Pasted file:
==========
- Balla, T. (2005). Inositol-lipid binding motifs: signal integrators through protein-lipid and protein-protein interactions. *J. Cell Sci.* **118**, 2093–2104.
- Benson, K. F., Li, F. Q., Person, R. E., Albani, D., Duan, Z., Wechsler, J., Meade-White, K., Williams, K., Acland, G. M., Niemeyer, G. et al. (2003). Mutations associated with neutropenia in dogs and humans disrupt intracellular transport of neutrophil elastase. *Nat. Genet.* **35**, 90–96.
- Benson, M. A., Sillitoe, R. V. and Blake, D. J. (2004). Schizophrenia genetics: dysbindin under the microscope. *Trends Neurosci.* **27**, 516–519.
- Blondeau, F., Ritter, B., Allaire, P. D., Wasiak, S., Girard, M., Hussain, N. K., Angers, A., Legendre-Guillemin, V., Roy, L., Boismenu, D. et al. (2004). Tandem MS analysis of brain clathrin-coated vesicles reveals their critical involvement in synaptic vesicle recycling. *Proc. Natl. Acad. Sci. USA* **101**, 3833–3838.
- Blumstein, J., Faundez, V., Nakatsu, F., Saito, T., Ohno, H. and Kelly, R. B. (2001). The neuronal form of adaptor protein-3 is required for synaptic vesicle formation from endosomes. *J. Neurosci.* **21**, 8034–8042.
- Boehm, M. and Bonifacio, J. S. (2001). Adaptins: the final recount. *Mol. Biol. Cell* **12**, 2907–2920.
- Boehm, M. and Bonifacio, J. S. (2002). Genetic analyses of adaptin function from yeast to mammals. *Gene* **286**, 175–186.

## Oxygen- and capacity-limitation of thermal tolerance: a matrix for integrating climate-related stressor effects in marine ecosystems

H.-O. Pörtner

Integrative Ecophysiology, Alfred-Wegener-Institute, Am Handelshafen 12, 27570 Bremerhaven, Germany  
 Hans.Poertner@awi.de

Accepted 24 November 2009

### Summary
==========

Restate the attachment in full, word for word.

- Balla, T. (2005). Inositol-lipid binding motifs: signal integrators through protein-lipid and protein-protein interactions. *J. Cell Sci.* **118**, 2093–2104.
- Benson, K. F., Li, F. Q., Person, R. E., Albani, D., Duan, Z., Wechsler, J., Meade-White, K., Williams, K., Acland, G. M., Niemeyer, G. et al. (2003). Mutations associated with neutropenia in dogs and humans disrupt intracellular transport of neutrophil elastase. *Nat. Genet.* **35**, 90–96.
- Benson, M. A., Sillitoe, R. V. and Blake, D. J. (2004). Schizophrenia genetics: dysbindin under the microscope. *Trends Neurosci.* **27**, 516–519.
- Blondeau, F., Ritter, B., Allaire, P. D., Wasiak, S., Girard, M., Hussain, N. K., Angers, A., Legendre-Guillemin, V., Roy, L., Boismenu, D. et al. (2004). Tandem MS analysis of brain clathrin-coated vesicles reveals their critical involvement in synaptic vesicle recycling. *Proc. Natl. Acad. Sci. USA* **101**, 3833–3838.
- Blumstein, J., Faundez, V., Nakatsu, F., Saito, T., Ohno, H. and Kelly, R. B. (2001). The neuronal form of adaptor protein-3 is required for synaptic vesicle formation from endosomes. *J. Neurosci.* **21**, 8034–8042.
- Boehm, M. and Bonifacio, J. S. (2001). Adaptins: the final recount. *Mol. Biol. Cell* **12**, 2907–2920.
- Boehm, M. and Bonifacio, J. S. (2002). Genetic analyses of adaptin function from yeast to mammals. *Gene* **286**, 175–186.

## Oxygen- and capacity-limitation of thermal tolerance: a matrix for integrating climate-related stressor effects in marine ecosystems

H.-O. Pörtner

Integrative Ecophysiology, Alfred-Wegener-Institute, Am Handelshafen 12, 27570 Bremerhaven, Germany  
 Hans.Poertner@awi.de

Accepted 24 November 2009

### Summary